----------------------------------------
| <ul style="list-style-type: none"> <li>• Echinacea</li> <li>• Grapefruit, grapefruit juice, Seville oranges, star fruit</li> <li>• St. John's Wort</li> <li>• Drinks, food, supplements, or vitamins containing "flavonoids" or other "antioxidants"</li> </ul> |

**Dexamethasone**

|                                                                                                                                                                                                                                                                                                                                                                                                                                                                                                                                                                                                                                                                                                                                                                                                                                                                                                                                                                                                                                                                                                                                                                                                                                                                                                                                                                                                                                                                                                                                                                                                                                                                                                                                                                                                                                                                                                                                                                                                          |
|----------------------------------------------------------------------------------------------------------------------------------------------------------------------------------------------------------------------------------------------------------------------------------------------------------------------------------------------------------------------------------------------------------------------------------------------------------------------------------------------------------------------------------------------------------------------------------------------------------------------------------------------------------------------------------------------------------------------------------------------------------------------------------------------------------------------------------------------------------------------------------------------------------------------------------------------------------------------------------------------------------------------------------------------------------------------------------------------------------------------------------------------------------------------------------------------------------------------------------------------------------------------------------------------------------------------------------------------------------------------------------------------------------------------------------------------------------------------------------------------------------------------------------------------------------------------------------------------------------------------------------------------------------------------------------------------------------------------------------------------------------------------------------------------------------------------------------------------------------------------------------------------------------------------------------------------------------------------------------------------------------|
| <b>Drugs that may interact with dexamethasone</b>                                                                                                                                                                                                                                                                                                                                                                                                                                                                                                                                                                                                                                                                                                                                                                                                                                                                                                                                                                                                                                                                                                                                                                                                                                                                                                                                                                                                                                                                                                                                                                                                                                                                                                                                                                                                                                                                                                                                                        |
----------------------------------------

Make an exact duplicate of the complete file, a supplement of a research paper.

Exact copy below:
| <ul style="list-style-type: none"> <li>• Echinacea</li> <li>• Grapefruit, grapefruit juice, Seville oranges, star fruit</li> <li>• St. John's Wort</li> <li>• Drinks, food, supplements, or vitamins containing "flavonoids" or other "antioxidants"</li> </ul> |

**Dexamethasone**

|                                                                                                                                                                                                                                                                                                                                                                                                                                                                                                                                                                                                                                                                                                                                                                                                                                                                                                                                                                                                                                                                                                                                                                                                                                                                                                                                                                                                                                                                                                                                                                                                                                                                                                                                                                                                                                                                                                                                                                                                          |
|----------------------------------------------------------------------------------------------------------------------------------------------------------------------------------------------------------------------------------------------------------------------------------------------------------------------------------------------------------------------------------------------------------------------------------------------------------------------------------------------------------------------------------------------------------------------------------------------------------------------------------------------------------------------------------------------------------------------------------------------------------------------------------------------------------------------------------------------------------------------------------------------------------------------------------------------------------------------------------------------------------------------------------------------------------------------------------------------------------------------------------------------------------------------------------------------------------------------------------------------------------------------------------------------------------------------------------------------------------------------------------------------------------------------------------------------------------------------------------------------------------------------------------------------------------------------------------------------------------------------------------------------------------------------------------------------------------------------------------------------------------------------------------------------------------------------------------------------------------------------------------------------------------------------------------------------------------------------------------------------------------|
| <b>Drugs that may interact with dexamethasone</b>                                                                                                                                                                                                                                                                                                                                                                                                                                                                                                                                                                                                                                                                                                                                                                                                                                                                                                                                                                                                                                                                                                                                                                                                                                                                                                                                                                                                                                                                                                                                                                                                                                                                                                                                                                                                                                                                                                                                                        |